Museums and Heritage

Fort Santa Cruz, Oran is one of the three forts in Oran, the second largest port city of Algeria; the other two forts are Fort de la Moune at the western end of the port and Fort St. Philippe, a replacement of the old castle of the Saints known in Spanish as Castillo de los Santos, at the centre of Oran.

The Pasha’s Mosque: Just below the western part of Chateau Neuf, comes the Pasha’s Mosque which was constructed in 1797. Its foundation was attested by the great elevated, Sidi Hassan Bacha. The palace reflects elegance and brightness of joy at its liberation from foreign rule.

The Ahmed Zabana National Museum is of particular interest, as it outlines the tumultuous history of the region when activists used many avenues to gain independence – a goal finally achieved in 1962 with Algeria’s independence being declared on July 5 of that year. In addition to the history section of the museum, there are some interesting natural history exhibits, as well as the works of a number of Algerian and foreign artists. Inside the museum, the first floor is dedicated to telling the story of Algeria’s battle for independence from a local perspective, bringing the harsh reality of conflict into perspective with a list of names of local people who were executed by the French in the period from 1954 through to 1962.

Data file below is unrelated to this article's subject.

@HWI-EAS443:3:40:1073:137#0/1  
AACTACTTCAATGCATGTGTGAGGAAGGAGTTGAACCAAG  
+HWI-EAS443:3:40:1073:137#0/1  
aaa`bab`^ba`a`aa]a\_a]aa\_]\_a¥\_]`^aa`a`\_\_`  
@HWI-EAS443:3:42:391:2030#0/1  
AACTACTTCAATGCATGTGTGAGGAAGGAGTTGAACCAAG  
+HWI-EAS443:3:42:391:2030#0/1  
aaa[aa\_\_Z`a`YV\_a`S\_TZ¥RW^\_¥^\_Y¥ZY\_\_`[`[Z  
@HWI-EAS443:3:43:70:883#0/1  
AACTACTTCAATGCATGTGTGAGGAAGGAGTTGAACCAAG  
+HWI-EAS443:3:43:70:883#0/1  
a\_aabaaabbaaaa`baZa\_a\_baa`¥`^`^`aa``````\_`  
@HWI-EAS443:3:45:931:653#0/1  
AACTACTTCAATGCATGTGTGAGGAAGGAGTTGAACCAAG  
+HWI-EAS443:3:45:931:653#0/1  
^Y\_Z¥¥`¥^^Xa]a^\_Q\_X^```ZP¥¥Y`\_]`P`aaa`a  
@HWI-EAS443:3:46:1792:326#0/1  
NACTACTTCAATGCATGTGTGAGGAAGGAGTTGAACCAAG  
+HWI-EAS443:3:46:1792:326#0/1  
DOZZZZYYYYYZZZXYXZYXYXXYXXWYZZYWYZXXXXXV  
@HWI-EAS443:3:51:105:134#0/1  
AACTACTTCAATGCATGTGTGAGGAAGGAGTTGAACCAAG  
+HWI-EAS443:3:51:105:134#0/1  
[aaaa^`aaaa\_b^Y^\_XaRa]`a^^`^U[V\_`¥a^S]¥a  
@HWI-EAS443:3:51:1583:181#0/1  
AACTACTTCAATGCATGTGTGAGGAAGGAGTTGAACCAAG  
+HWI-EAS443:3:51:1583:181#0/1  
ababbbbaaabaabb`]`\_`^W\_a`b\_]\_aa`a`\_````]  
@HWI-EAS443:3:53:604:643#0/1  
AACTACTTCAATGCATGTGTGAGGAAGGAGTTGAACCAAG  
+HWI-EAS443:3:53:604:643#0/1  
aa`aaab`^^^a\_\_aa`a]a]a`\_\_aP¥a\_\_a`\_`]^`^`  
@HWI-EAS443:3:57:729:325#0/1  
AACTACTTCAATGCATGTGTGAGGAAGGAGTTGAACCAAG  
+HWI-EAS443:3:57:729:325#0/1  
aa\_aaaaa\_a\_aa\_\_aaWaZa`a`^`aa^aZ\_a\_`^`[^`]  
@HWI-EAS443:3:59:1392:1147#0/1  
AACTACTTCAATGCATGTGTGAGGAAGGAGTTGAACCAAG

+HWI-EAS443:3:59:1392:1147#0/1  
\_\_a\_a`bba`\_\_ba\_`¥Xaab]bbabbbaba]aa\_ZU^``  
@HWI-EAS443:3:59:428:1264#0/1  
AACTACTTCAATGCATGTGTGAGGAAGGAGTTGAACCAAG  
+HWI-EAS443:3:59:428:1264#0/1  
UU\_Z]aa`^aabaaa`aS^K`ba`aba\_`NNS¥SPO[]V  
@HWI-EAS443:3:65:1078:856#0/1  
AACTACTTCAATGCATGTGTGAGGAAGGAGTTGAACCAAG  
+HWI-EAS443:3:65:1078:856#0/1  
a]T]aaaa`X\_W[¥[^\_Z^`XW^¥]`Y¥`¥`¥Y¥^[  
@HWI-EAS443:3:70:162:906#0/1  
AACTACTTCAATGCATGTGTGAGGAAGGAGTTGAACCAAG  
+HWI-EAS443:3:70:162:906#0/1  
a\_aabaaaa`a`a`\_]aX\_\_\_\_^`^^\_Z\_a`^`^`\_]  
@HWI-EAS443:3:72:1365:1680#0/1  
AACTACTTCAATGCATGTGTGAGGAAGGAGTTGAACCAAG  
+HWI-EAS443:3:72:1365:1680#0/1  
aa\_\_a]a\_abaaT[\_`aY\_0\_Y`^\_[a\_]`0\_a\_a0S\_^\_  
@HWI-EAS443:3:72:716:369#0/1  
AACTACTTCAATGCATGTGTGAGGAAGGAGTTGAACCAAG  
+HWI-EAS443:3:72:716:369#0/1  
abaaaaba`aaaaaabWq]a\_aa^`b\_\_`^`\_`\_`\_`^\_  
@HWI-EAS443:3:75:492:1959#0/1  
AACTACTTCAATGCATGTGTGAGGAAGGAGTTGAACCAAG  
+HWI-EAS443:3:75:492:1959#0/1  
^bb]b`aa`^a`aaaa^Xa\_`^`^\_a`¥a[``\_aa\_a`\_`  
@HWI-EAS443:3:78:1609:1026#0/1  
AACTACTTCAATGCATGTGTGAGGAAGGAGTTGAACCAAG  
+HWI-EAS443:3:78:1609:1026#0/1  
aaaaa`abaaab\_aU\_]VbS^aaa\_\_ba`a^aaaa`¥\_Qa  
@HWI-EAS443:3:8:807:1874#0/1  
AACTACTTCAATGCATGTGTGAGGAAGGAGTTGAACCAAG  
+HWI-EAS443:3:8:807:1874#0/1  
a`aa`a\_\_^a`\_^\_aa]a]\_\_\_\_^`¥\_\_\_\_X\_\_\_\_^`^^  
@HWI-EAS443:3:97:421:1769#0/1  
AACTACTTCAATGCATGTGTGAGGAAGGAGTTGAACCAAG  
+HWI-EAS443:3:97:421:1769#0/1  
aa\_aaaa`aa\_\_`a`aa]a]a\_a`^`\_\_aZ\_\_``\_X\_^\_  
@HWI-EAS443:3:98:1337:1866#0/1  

The Bey’s Palace: Most areas on the headland is a military zone, but that shouldn’t stop you from checking out the Chateau Neuf Castle. It is an old fort built in the 14th century by Merinid Sultan Abou Hassan. The Bey’s is open, though some gates are closed, you may have to notify the guards. The huge walls were first constructed in 1340s by Abou Hassam and redrafted by the Spaniards in year 1509, the Ottomans touched it in 1700s while the French in 19th century. The location is amazing, ahead of the town, with port and sea and great gates. The building is now dominated by the concrete shell of a stalled building project.

The Spain’s door is located at the end of the entrance ramp of the Casbah (Alcazaba, Alcazar of the Arabs, el-Castillo Viejo, the “Old Castle” of the Spaniards), coming from the Quinconces Square. The access from this side is walled today. It can only be reached by the rue du vieux Chateau, in the south of the Prefecture. This monumental vaulted door is all that remains of the Palace of the Casbah, occupied by the Spanish governors. This two-storey building consisted of thirty-seven rooms, offices, stables, sheds, and a military hospital.

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